The Resurgence Of Film
Has a dead technology risen from the grave?
The resurgence of film is not unlike that of vinyl recordings. It is a “new-nostalgia” for a bygone and inferior technology.
The whole movement makes no sense, but nonsense is consistent with much of the state of the world. So let’s take a closer look.
The bottom line is that one has to pay a good deal more for both inconvenience and inferior quality. There is a semi-pleasing moment when the package of prints and negatives is returned so one can be surprised to see that perhaps two of 36 images captured are worth keeping. Is that enough?
There is enough business there for Lomo, a well-established funky photo company, and others to make a few bucks, so this resurgence may be enabled for some time. But for how long?
What is being called “film resurgence” would not even register vs. the volumes of the 90s. The old Kodak would not be interested at all. Not nearly enough volume. Looking at the profits of Lomo, the resurgence provides tens of millions of dollars vs. what was once billions.
Film resurgence is quite likely to peak and fade away. This is not only because film imaging makes no sense in a digital world, but also because the infrastructure necessary to create film and paper is very, very complicated and expensive. Laying down multiple coatings of photosensitive gelatin in perfectly balanced layers (in the dark!) is no easy task. As the last of the production lines begins to fail, there will be little incentive to invest. Unless, of course, other reasons for such coatings can be found. Note that Kodak made significant efforts to find other applications for “curtain coating” to no avail.
And there is the matter of processing. There are certainly many labs available for developing film and printing images from the resulting negatives, but it is becoming difficult for retailers to get film processing equipment and materials. Those items and the chemicals necessary to use them are unlikely to be produced in the distant future.
Seed money does not follow declining small markets. Is anyone funding fax machine development? Cassette and 8-track tape manufacture? Or closer to the point, slide projectors?
So if grainy film prints are your thing, enjoy them while production capability lasts. Or perhaps you should buy a lifetime supply of film and put it in your generator-backed-up freezer. By the way, when it became apparent that film volumes would fall precipitously, one concept floated around Kodak was that the film production facility should go full blast for about six months and then be scrapped. All that film could be refrigerated and slowly meted out to satisfy declining demand.
Vinyl resurgence will stay with us longer since many insist that the sound is better and more likable. Evaluation of sound quality is quite subjective and personal. Without accurate technical evaluation of sound quality, consensus is unlikely. Consumers rarely say, “Let’s compare analog and digital recording sources captured on the waveform analyzer.”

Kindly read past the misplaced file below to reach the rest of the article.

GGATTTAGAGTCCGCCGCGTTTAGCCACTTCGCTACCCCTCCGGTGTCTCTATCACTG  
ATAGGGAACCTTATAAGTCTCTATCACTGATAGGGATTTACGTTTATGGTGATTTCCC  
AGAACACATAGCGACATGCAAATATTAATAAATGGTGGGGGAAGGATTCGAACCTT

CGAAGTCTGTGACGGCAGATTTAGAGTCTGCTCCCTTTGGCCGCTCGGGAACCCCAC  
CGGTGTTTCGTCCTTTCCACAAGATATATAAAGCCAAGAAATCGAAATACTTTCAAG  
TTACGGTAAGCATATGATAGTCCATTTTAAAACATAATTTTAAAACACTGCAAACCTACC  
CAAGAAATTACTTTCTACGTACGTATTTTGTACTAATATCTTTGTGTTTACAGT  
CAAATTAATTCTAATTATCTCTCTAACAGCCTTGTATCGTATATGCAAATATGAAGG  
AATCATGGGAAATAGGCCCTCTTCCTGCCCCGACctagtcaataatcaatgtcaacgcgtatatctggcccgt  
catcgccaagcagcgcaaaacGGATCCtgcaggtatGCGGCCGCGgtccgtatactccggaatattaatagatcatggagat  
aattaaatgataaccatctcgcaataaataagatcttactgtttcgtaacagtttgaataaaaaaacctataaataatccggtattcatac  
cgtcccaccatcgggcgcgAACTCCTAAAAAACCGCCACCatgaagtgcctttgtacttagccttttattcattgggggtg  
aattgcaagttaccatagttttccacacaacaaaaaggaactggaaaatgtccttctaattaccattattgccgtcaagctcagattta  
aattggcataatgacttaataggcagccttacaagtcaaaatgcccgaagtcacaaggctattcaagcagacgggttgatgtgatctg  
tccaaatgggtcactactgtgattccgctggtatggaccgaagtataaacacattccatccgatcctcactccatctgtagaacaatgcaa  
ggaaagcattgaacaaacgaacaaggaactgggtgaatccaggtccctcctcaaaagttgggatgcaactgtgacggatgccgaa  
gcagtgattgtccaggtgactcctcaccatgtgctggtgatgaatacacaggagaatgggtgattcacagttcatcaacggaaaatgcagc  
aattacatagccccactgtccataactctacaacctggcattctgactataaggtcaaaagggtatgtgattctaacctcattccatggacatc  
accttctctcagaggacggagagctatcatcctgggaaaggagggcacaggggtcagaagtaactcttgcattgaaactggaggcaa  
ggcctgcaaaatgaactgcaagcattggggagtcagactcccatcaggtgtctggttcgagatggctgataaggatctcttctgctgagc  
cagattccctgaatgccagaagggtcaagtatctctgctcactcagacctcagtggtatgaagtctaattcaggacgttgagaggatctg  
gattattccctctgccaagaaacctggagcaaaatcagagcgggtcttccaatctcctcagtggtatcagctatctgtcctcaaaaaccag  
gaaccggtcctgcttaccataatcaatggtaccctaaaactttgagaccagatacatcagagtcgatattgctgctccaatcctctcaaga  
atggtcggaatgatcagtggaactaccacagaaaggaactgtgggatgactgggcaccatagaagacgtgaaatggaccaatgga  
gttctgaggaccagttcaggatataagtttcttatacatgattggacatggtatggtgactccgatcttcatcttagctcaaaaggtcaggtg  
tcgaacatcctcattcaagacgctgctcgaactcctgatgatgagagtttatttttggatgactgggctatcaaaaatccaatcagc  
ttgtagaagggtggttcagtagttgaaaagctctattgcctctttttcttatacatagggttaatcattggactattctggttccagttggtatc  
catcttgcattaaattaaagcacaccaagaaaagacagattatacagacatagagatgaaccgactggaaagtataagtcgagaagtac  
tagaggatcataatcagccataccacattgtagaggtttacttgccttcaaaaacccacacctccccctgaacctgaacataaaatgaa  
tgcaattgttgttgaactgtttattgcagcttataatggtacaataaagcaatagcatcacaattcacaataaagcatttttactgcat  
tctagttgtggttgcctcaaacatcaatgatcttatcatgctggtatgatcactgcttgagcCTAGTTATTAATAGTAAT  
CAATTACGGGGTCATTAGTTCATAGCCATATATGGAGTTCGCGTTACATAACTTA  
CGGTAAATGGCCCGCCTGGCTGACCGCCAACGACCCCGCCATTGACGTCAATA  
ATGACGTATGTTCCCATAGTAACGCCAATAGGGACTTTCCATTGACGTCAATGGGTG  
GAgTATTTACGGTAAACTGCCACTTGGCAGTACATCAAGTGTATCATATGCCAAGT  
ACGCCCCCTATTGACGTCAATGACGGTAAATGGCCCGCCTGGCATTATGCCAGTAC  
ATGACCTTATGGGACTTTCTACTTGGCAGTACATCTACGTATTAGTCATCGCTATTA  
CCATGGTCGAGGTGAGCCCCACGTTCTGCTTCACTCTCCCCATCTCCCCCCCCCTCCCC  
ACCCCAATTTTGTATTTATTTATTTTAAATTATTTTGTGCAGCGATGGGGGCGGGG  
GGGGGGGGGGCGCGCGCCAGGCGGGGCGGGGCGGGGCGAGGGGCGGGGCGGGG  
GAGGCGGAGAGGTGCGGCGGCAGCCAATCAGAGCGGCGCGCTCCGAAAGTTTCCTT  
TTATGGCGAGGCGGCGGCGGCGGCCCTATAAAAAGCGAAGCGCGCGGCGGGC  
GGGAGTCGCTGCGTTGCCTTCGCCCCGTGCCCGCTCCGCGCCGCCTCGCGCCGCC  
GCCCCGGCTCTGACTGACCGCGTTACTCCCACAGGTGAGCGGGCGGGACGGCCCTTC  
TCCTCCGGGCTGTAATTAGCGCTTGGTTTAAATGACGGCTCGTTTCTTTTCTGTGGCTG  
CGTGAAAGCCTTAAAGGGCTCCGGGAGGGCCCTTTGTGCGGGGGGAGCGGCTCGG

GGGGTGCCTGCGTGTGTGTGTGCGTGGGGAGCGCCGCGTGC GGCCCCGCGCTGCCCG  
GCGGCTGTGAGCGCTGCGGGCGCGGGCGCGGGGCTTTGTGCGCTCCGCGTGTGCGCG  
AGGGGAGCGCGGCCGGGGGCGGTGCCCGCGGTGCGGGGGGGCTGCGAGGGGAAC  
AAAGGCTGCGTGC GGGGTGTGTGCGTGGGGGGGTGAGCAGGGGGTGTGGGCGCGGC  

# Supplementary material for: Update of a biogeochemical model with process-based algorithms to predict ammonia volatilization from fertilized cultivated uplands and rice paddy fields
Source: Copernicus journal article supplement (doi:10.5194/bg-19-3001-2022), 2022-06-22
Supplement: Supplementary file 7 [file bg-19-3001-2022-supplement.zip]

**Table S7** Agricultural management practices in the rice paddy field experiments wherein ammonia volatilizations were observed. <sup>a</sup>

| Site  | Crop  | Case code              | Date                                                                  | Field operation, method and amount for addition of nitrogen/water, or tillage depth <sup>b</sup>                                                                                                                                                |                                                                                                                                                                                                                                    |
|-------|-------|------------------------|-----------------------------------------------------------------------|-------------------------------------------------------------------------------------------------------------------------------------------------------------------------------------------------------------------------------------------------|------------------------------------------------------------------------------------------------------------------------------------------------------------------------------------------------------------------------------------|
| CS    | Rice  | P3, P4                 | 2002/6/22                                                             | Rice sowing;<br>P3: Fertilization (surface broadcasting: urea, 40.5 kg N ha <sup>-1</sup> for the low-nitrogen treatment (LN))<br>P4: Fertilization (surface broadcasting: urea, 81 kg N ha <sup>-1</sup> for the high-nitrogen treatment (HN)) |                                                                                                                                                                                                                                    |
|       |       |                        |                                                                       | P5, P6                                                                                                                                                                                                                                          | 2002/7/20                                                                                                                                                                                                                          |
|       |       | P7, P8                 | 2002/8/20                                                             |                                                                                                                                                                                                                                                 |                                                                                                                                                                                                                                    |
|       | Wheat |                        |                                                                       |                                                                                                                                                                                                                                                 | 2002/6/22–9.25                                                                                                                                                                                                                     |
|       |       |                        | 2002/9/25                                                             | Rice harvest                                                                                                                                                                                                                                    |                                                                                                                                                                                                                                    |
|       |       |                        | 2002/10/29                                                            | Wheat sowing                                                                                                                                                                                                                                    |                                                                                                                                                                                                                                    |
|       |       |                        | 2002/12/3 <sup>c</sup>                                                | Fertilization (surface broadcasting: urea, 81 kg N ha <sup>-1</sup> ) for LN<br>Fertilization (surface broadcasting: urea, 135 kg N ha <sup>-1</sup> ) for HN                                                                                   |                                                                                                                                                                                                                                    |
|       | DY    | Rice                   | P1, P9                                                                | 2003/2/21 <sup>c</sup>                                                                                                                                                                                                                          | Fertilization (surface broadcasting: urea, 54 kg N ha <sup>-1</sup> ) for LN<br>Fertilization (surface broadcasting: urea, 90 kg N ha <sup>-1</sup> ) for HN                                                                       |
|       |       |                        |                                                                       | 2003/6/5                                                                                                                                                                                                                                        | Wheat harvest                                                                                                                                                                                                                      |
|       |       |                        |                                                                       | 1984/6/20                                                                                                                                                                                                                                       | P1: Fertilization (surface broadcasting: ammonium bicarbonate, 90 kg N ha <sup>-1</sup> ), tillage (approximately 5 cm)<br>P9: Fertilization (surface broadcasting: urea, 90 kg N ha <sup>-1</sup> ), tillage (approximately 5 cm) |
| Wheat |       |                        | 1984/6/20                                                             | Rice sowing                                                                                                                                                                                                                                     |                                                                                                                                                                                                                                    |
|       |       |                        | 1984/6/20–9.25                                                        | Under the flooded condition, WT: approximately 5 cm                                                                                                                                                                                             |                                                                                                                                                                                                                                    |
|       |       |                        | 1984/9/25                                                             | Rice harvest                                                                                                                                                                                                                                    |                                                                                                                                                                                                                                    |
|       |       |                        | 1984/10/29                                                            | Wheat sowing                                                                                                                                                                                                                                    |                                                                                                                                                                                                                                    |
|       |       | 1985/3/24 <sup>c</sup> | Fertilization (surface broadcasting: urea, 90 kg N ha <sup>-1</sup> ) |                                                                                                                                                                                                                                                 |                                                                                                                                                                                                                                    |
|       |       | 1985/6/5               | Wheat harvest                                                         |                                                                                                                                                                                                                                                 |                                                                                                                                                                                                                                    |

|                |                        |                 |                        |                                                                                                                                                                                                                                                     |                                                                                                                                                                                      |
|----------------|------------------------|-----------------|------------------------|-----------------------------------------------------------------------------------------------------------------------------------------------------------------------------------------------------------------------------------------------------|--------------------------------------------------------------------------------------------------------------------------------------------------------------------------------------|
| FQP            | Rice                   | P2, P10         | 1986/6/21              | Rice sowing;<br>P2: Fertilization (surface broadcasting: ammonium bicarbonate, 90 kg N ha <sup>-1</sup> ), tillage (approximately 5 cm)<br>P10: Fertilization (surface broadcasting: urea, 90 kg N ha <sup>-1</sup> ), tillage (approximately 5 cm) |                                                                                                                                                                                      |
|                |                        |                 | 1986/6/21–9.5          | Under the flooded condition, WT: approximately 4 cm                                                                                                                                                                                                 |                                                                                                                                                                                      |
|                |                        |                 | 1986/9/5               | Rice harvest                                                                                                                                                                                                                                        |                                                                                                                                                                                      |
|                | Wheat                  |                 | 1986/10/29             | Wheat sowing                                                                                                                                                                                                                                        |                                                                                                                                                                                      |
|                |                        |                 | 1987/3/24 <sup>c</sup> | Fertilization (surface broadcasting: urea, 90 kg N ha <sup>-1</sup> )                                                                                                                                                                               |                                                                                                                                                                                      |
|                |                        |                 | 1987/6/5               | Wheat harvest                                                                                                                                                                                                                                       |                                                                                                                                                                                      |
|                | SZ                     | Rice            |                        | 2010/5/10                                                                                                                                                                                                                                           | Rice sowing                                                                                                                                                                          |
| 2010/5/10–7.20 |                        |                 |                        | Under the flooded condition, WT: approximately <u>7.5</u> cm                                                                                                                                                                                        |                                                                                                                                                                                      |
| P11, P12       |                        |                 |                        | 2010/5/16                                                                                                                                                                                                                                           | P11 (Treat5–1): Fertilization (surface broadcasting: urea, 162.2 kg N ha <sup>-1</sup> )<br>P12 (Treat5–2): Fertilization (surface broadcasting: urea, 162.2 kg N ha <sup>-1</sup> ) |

Additionally, it is ludicrous to think that aging experts can still detect any differences if there are any. Particularly for males over 50, hearing deteriorates. And even the purists have been shown to fail to know by listening if digital conversion has been used.
The recent scandal regarding the Mobile Fidelity (MoFi) production chain shows they can’t tell. Several experts placed MoFi records on their “best analog recordings” lists without knowing that there was a digital step in the production chain. Listening alone can’t detect the difference, but many people don’t want to “hear” that.
Also in favor of continued LP production, the pressing process used to create LPs is simple and straightforward in comparison to film manufacture. The infrastructure necessary is much less capital-intensive, so manufacturing can continue without huge investments in maintenance and creation of new equipment.
But perhaps these resurgences are based on something other than quality and ease of use. Maybe there is a deeper need satisfied by photographic prints and LP records.
My friend Peter is someone who still buys an occasional CD and book (both similarly superseded technologies but not quite dead). While he is quite aware of the benefits of virtual image sharing, electronic reproduction of text, and streaming music, he misses his 5 CD changer that finally succumbed to old age.
Peter suggests that the desire for tangible media might be driving the resurgence of film and vinyl. Can it be that many feel a need to hold something in their hands even though delivery need not be corporeal?
When friends drop in, we often play LPs (Long Playing vinyl recordings) from my collection. Everyone seems to enjoy hearing the old songs, selecting from the basement trove, and noting the mechanical rotation of the disks on the turntable. And I enjoy showing them the 12" by 12" jacket artwork they’ve forgotten or never seen.
But I’m not adding to the LP collection.
And I recently sold my Victrola. It was a fun novelty for a short while, but eventually became buried in the basement. 30 years of idleness finally convinced me it was time to move on.
And my film cameras left long before the Victrola.